You might imagine sound in space, or dream up gestures that traverse unexplored sonic territory. But actually building it is another matter. Kinect – following a long line of computer vision applications and spatial sensors – lets movement and gestures produce sound. The challenge of such instruments has long been that learning to play them is tough without tactile feedback. Thereminists learn their instrument through a the extremely-precise sensing of their instrument and sonic feedback.

In AHNE (Audio-Haptic Navigation Environment), sonic feedback is essential, but so, too, is feel. Haptic vibration lets you know as you approach sounds — essential, as they’re invisible. The work of Finland-based DJ/VJ Matti Niinimäki, aka MÅNSTERI (“Mons-te-ri”), the project is part of research undertaken at SOPI Research Group at Media Lab Helsinki. Like some sort of sound sorcerer, the user is entirely dependent on movement, feel, and sound as they move unseen sound sources through space. (More technical details below.)

It’s labeled, as always, “proof of concept.” The creator promises more videos to come; we’ll be watching as this evolves, as it looks terribly promising.

Below, “Tension” is a fair bit simpler, in which users walk through a space and control synth parameters. (“You are the knob,” one might say, though I don’t suggest shouting that at someone you don’t know. They could take it the wrong way.)

More descriptions:


This is a demonstration video of AHNE – Audio-Haptic Navigation Environment.

It is an audio-haptic user interface that allows the user to locate and manipulate sound objects in 3d space with the help of audio-haptic feedback.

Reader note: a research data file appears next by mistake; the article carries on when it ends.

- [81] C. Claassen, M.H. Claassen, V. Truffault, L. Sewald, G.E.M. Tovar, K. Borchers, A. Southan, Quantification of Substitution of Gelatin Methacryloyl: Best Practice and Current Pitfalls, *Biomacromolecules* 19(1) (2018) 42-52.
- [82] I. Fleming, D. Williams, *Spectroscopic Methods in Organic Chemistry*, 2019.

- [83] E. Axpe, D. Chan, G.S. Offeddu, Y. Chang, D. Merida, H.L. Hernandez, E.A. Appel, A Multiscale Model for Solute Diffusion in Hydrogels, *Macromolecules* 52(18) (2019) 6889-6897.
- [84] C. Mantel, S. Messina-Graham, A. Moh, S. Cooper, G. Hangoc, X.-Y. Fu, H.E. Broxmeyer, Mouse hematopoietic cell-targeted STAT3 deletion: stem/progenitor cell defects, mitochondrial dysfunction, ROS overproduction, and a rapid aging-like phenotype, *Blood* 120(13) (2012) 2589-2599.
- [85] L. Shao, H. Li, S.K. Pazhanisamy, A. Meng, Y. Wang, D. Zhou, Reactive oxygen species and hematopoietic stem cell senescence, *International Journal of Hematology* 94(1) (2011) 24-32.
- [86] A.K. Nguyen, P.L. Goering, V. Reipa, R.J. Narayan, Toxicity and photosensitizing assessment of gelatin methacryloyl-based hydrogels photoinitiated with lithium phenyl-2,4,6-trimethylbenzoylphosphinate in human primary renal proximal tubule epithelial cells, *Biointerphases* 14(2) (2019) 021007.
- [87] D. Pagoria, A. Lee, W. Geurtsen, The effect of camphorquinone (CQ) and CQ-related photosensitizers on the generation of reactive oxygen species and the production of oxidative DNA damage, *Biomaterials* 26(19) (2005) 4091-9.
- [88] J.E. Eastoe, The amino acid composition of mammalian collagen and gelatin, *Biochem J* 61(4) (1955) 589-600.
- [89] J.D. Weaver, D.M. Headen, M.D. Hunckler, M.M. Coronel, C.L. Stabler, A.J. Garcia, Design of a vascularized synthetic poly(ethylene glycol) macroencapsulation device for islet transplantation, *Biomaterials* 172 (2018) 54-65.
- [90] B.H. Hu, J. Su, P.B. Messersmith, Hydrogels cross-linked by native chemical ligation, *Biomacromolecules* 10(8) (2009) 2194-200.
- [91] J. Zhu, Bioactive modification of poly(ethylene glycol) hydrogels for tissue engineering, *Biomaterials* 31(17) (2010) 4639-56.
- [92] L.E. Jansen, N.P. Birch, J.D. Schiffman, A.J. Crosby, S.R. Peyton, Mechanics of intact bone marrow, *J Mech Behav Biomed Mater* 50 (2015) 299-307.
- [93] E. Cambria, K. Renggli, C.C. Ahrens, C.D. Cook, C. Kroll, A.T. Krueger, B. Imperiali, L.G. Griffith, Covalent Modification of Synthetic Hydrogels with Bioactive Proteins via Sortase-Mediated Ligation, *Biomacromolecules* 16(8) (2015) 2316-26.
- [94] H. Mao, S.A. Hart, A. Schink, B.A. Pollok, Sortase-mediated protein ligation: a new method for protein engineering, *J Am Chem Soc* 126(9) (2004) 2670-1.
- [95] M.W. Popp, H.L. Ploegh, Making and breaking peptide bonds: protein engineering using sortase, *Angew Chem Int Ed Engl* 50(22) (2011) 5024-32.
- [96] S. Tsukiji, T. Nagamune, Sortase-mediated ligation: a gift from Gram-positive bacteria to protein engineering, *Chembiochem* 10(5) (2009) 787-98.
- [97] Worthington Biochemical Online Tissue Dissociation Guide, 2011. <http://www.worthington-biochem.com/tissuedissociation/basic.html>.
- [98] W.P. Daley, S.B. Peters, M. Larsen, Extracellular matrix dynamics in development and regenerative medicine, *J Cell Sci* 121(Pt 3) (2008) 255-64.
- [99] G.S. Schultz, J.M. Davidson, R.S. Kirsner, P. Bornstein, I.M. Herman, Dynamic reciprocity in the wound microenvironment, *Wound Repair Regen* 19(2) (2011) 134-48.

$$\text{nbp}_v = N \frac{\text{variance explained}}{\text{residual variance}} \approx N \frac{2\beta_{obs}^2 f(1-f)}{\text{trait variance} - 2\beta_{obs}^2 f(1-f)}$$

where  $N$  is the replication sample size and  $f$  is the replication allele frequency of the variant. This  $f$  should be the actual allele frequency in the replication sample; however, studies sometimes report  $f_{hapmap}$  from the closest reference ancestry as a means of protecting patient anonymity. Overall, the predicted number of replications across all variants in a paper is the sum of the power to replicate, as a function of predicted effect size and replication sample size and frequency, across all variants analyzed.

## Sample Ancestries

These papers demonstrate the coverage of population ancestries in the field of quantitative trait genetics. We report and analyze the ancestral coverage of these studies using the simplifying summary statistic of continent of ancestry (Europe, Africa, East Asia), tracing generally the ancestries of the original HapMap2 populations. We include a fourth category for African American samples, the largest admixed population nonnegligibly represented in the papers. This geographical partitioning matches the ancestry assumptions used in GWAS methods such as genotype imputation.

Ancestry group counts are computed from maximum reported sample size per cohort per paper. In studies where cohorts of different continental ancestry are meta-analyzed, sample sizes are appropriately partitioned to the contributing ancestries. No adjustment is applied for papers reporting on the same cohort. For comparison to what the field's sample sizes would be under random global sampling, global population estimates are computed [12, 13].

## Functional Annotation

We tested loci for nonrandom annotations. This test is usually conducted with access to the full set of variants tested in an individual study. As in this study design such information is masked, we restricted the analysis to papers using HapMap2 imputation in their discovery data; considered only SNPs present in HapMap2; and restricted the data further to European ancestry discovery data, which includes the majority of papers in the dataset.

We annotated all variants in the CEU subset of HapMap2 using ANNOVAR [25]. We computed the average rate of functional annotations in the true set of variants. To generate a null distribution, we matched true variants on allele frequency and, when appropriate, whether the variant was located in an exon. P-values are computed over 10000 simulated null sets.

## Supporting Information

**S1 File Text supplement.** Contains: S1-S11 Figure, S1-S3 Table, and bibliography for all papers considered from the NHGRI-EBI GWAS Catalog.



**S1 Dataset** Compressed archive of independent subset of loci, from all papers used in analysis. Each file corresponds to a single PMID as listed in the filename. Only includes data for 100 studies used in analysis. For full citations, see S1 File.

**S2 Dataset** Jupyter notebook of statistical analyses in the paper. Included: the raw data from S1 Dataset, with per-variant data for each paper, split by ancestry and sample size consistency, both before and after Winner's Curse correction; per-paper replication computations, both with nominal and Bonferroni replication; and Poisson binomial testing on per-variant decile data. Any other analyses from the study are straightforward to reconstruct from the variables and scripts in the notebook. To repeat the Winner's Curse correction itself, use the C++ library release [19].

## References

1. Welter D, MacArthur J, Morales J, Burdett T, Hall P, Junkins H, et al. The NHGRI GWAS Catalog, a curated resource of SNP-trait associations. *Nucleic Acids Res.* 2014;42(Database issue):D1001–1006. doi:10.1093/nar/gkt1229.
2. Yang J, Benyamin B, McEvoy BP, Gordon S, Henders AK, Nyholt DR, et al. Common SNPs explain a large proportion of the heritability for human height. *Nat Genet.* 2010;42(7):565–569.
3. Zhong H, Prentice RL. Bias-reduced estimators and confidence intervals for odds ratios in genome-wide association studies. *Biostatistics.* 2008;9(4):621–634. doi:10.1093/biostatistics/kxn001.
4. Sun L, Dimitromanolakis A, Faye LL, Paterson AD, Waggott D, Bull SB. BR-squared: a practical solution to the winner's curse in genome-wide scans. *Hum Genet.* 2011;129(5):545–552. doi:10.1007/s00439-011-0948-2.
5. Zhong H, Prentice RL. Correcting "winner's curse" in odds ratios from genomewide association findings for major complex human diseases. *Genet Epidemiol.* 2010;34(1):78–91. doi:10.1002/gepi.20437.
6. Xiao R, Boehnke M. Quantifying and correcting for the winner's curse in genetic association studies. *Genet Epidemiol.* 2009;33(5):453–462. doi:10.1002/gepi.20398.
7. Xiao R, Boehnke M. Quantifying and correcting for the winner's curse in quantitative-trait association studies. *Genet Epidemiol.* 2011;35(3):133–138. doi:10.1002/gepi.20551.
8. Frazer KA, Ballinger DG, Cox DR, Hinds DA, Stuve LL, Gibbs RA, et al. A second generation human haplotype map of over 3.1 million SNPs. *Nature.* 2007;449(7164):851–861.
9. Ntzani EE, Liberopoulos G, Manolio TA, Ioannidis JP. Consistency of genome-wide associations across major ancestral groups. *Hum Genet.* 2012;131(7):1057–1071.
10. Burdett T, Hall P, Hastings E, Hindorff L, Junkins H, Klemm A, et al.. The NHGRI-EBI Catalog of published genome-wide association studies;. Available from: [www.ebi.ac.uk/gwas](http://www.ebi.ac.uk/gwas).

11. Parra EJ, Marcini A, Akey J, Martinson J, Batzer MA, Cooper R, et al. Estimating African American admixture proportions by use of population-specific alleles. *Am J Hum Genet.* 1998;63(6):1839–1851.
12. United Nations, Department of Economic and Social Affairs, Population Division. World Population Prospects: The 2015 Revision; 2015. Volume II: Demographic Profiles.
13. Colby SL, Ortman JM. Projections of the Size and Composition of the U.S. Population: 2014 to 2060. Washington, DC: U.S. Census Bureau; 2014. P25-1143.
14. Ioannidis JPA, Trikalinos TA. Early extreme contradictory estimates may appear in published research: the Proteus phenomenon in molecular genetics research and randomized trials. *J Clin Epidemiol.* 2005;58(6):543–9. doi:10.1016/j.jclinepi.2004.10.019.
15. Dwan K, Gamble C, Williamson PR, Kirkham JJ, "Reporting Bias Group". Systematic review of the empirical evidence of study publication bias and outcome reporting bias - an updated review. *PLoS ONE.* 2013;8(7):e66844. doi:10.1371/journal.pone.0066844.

The user is tracked with a Kinect sensor using the OpenNI framework and OSCeleton (​Sensebloom/​OSCeleton).

The user wears a glove that is embedded with sensors and a small vibration motor for the haptic feedback.

This is just the first proof-of-concept demo. More videos coming soon.

HEI Project 2011
SOPI Research Group

Aalto University School of Art and Design

AHNE – Sound and Physical Interaction


A brief video showing Tension. An interactive spatial sound installation for multiple users.

A person enters the space and a generative sound is assigned to that person. The sound pans around in the 6-channel speaker system following the user in the space.

Up to 5 users can use the installation at the same time. Each person modifies the other sounds based on the distance to the other users. The closer you are to other people the more the tension in the sound increases.

Tension – Sound and Physical Interaction

Side note: watching these two videos makes me want to consult with someone on non-verbal expression, posture, and stage presence. That criticism is mounted at myself – I could use it. Perhaps we need an all-physical, unplugged music event for laptopists, controllerists, and electronic musicians. And I can at least say I’ve had some experience in this, working in the dance program at my undergraduate alma mater, Sarah Lawrence. Anyone game? (Sounds like something we could do while CDM is in Berlin in the fall.)

For their part, the Finnish research facility is working with dancers, along with Nokia Research Center. (Sadly, I can’t find documentation.) But I think interesting things happen when us non-dancers learn movement technique, too.